FOR IMMEDIATE RELEASE
December 7, 2022
Jessica Sims, email@example.com, 804-356-1228
Richmond, Va. — Today, the seven-member citizen Air Pollution Control Board voted 4-1 (with 2 abstaining) to move forward with Virginia’s withdrawal from the Regional Greenhouse Gas Initiative, a multistate program that has resulted in approximately $452 million of critical funding for communities and localities across the commonwealth. The action at today’s meeting is controversial as advocates assert that legislation would be required to remove the commonwealth from the program, rather than administrative action.
Notably, air board members Hope Cupit and Dr. Lornel Tompkins abstained from the vote, citing concerns with the legality of the proposal, and board member Stacy Rijal voted against it, citing the need for data and more information to reach a decision. The proposed regulation to move forward with the commonwealth’s withdrawal from RGGI now moves to a stage of executive review, followed by a 60-day public comment period on the proposed regulation.
Before the board meeting, advocates rallied outside in support of RGGI with a rally themed “Governor Youngkin: Stop Playing Games with Our Future.” The rally’s theatrical elements and dynamic speeches from Kidest Gebre, organizing coordinator & Communicating Our Power fellow with Virginia Interfaith Power & Light, and Sarah Ahmed, statewide field director of Virginia League of Conservation Voters energized the attendees, many of whom then observed the air board meeting.
Although advocates were prohibited from responding to the proposed regulatory action or Acting Secretary of Natural and Historic Resources Travis Voyles’ presentation in support of it, supporters of RGGI delivered moving statements about climate change impacts during the public comment portion of the meeting’s agenda.
In spite of the administration’s directive to remove Virginia from the program, public support for RGGI continues to grow.
“Gov. Youngkin’s ongoing attempt to withdraw Virginia from RGGI via regulatory action is unlawful,” said Emily Piontek, Virginia energy democracy field coordinator with Appalachian Voices. “The governor’s actions are blind to the very real benefits this program is delivering to communities in need, and blind to the widespread support for RGGI that the public has repeatedly shown, including at the rally today. RGGI is helping Virginia proactively respond to the climate crisis, including by helping those most impacted by it. This would be much harder to do if Virginia did not receive the critical funding that RGGI supplies.”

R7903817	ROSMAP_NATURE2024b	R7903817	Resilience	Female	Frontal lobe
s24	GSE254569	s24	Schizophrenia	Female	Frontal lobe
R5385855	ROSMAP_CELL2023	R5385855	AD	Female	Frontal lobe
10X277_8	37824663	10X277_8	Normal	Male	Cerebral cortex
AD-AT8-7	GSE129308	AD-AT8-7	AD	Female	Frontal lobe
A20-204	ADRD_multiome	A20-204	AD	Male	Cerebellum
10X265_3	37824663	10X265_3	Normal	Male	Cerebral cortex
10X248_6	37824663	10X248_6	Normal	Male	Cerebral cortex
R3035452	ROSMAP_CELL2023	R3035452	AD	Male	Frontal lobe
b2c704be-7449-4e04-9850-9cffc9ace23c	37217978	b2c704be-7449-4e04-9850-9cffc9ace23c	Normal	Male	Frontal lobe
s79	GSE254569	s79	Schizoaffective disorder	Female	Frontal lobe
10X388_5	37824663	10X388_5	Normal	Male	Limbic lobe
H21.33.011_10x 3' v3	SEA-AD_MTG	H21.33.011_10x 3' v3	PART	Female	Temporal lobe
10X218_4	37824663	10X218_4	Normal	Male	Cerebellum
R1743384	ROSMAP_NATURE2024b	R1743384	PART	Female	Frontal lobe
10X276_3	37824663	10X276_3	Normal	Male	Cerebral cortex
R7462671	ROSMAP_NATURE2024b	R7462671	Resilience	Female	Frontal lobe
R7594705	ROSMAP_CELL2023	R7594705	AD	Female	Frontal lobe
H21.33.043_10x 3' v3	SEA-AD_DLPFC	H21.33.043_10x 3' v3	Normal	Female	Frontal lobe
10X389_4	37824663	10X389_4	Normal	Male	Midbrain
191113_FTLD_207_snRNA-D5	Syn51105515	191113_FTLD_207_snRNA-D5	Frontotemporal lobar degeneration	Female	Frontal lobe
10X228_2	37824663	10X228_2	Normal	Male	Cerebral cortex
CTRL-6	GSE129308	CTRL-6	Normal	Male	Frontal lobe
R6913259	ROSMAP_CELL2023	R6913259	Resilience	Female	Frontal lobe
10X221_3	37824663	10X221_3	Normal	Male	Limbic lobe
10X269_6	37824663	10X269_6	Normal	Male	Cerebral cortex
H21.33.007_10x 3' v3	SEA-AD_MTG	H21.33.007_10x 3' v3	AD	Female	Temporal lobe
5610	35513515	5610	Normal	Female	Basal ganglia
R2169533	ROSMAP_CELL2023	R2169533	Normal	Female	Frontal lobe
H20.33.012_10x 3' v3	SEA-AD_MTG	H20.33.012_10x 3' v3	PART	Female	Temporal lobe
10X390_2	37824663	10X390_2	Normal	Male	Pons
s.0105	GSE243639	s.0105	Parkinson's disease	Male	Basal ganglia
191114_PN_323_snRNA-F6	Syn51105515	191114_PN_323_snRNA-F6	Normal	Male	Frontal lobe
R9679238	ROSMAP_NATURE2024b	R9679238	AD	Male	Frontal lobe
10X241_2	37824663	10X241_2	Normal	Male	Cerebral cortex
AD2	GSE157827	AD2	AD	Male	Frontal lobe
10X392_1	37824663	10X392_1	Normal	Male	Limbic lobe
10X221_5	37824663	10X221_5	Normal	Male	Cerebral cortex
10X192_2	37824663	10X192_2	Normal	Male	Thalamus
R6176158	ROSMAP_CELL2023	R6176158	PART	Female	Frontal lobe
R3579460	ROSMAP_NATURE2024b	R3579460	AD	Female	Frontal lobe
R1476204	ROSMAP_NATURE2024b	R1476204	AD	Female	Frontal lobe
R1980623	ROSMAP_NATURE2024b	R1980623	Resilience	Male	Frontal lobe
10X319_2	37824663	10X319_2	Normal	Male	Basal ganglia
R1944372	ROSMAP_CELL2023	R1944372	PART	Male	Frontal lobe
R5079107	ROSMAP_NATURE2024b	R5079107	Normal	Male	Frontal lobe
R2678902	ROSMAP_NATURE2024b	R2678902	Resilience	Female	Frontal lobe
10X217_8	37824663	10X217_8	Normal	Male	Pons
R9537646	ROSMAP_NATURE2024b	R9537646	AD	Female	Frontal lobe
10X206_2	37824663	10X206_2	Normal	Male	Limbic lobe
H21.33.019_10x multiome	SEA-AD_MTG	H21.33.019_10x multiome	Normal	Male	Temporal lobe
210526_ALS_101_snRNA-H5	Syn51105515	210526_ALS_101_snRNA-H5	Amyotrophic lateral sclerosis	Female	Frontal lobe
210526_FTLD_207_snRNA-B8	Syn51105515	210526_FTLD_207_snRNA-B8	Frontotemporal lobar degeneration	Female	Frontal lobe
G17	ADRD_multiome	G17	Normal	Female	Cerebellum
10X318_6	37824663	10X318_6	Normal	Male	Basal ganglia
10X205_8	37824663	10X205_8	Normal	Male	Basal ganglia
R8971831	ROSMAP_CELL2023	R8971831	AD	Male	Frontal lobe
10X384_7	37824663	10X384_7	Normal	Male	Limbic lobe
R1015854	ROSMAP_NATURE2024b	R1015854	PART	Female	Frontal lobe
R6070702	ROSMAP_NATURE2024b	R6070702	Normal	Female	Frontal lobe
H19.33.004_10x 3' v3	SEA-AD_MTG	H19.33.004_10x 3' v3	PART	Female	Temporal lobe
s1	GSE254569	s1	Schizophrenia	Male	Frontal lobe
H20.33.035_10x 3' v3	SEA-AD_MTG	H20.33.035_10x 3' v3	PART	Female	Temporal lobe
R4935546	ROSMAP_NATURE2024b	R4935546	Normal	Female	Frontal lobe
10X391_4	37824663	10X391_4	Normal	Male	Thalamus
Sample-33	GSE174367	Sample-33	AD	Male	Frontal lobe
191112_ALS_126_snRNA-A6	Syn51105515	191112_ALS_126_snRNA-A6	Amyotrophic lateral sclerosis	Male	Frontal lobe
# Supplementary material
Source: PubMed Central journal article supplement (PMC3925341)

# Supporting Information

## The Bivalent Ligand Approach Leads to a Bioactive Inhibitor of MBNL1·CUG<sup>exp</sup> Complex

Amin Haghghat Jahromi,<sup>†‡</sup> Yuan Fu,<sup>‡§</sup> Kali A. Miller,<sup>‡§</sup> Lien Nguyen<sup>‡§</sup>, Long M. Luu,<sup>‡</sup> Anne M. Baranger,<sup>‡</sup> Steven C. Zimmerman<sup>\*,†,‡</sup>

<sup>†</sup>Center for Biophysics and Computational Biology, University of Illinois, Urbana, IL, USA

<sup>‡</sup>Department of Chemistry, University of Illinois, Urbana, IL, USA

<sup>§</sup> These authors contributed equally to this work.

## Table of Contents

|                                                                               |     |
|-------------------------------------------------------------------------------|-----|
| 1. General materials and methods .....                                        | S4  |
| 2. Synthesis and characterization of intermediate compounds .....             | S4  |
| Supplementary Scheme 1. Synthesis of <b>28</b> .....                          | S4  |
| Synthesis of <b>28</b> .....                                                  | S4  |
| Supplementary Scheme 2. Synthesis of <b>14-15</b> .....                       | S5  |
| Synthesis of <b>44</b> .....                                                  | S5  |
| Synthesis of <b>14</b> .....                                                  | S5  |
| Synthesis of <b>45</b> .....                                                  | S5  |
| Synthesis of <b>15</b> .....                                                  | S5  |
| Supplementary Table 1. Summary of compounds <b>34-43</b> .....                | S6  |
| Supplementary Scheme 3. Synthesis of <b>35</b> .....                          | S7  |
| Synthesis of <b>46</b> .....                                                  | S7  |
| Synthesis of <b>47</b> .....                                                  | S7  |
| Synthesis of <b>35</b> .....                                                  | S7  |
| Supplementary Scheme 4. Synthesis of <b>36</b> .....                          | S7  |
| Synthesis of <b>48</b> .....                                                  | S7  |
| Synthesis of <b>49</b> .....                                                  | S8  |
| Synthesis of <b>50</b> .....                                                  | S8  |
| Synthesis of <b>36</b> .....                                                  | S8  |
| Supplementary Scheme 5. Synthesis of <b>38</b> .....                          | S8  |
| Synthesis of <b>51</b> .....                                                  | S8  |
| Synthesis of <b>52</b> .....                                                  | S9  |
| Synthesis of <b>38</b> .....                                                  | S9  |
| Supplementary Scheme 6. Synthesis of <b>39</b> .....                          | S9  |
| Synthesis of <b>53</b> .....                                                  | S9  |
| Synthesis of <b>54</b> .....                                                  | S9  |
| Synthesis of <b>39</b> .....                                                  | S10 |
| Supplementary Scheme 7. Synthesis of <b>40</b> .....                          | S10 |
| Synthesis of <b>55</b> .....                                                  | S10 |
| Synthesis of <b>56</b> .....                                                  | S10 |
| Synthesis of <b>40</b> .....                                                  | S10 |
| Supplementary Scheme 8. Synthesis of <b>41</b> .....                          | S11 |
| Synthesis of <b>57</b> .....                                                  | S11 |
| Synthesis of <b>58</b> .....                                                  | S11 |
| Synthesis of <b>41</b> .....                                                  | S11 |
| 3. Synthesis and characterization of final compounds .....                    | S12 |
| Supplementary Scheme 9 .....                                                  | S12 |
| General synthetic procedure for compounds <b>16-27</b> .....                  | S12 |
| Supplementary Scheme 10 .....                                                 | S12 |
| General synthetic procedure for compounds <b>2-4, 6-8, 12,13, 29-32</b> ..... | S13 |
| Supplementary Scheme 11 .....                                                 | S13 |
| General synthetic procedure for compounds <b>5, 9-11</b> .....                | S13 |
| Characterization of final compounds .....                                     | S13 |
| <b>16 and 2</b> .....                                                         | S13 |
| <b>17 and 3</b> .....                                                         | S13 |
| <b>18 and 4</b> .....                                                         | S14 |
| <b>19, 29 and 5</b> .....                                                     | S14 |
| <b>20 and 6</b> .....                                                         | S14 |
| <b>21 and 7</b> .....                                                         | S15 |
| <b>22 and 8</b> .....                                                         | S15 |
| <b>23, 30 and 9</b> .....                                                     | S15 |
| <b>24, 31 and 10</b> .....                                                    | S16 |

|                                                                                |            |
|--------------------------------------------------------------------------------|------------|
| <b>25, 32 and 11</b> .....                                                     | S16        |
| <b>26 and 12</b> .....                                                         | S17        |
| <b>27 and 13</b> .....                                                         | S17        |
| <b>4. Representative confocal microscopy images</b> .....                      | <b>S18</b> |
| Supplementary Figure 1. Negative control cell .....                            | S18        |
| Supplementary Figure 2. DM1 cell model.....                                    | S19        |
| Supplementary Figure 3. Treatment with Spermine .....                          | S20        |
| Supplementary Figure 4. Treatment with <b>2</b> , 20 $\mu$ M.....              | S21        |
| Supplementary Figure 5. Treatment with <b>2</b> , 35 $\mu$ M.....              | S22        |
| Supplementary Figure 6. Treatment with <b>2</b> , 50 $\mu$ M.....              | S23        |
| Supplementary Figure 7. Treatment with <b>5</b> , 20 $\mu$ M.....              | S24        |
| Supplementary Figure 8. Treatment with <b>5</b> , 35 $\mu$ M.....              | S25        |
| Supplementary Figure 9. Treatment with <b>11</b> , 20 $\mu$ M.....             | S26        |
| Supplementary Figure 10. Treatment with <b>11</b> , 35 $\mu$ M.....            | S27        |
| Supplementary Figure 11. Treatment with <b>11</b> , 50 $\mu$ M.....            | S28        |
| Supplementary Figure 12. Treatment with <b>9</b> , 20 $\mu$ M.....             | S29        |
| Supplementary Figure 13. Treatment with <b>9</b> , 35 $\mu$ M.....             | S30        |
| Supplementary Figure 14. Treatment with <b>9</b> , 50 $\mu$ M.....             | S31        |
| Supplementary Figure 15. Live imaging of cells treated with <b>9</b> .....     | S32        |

“Governor Youngkin has proven time and again that his allegiances are with the fossil fuel industry, not the people of Virginia,” said Victoria Higgins, Virginia director for Chesapeake Climate Action Network. “Participation in RGGI is a commonsense policy that reduces air pollution, keeps us on track to meet our climate goals, and provides necessary funding to address the flooding we see today and that we know will get worse in the coming years. Because of RGGI’s overwhelming public support, Youngkin failed to repeal this popular policy through the legislature. It is appalling that the governor has now turned to using unelected members of a citizen board to enact his extremist agenda. This transparently undemocratic and illegitimate attempt at repeal reveals the lengths to which Youngkin will go to drag Virginia backwards on climate.”
“Virginia’s citizen boards are our first line of defense against projects that threaten the air we breathe and the water we drink and threaten our collective health and wellbeing,” said Lee Williams, founding member of RVA Interfaith Climate Justice League. “Communities plagued by poor indoor and outdoor air quality, inefficient drafty housing and flooding need protection and deserve the infrastructure investment dollars RGGI brings to these vulnerable communities. It’s fiscally irresponsible and morally bankrupt for the governor to throw away the hundreds of millions of dollars that the Regional Greenhouse Gas Initiative brings to our state, and shift the burden for these vital programs to the backs of taxpayers, nonprofits and NGOs.”
“The simple fact is that Virginians, through the General Assembly, have decidedly committed that Virginia will participate in RGGI,” said Mary Rafferty, executive director of the Virginia Conservation Network. “Neither the Air Board, governor, nor the DEQ has the authority to take away millions in climate relief from Virginians.”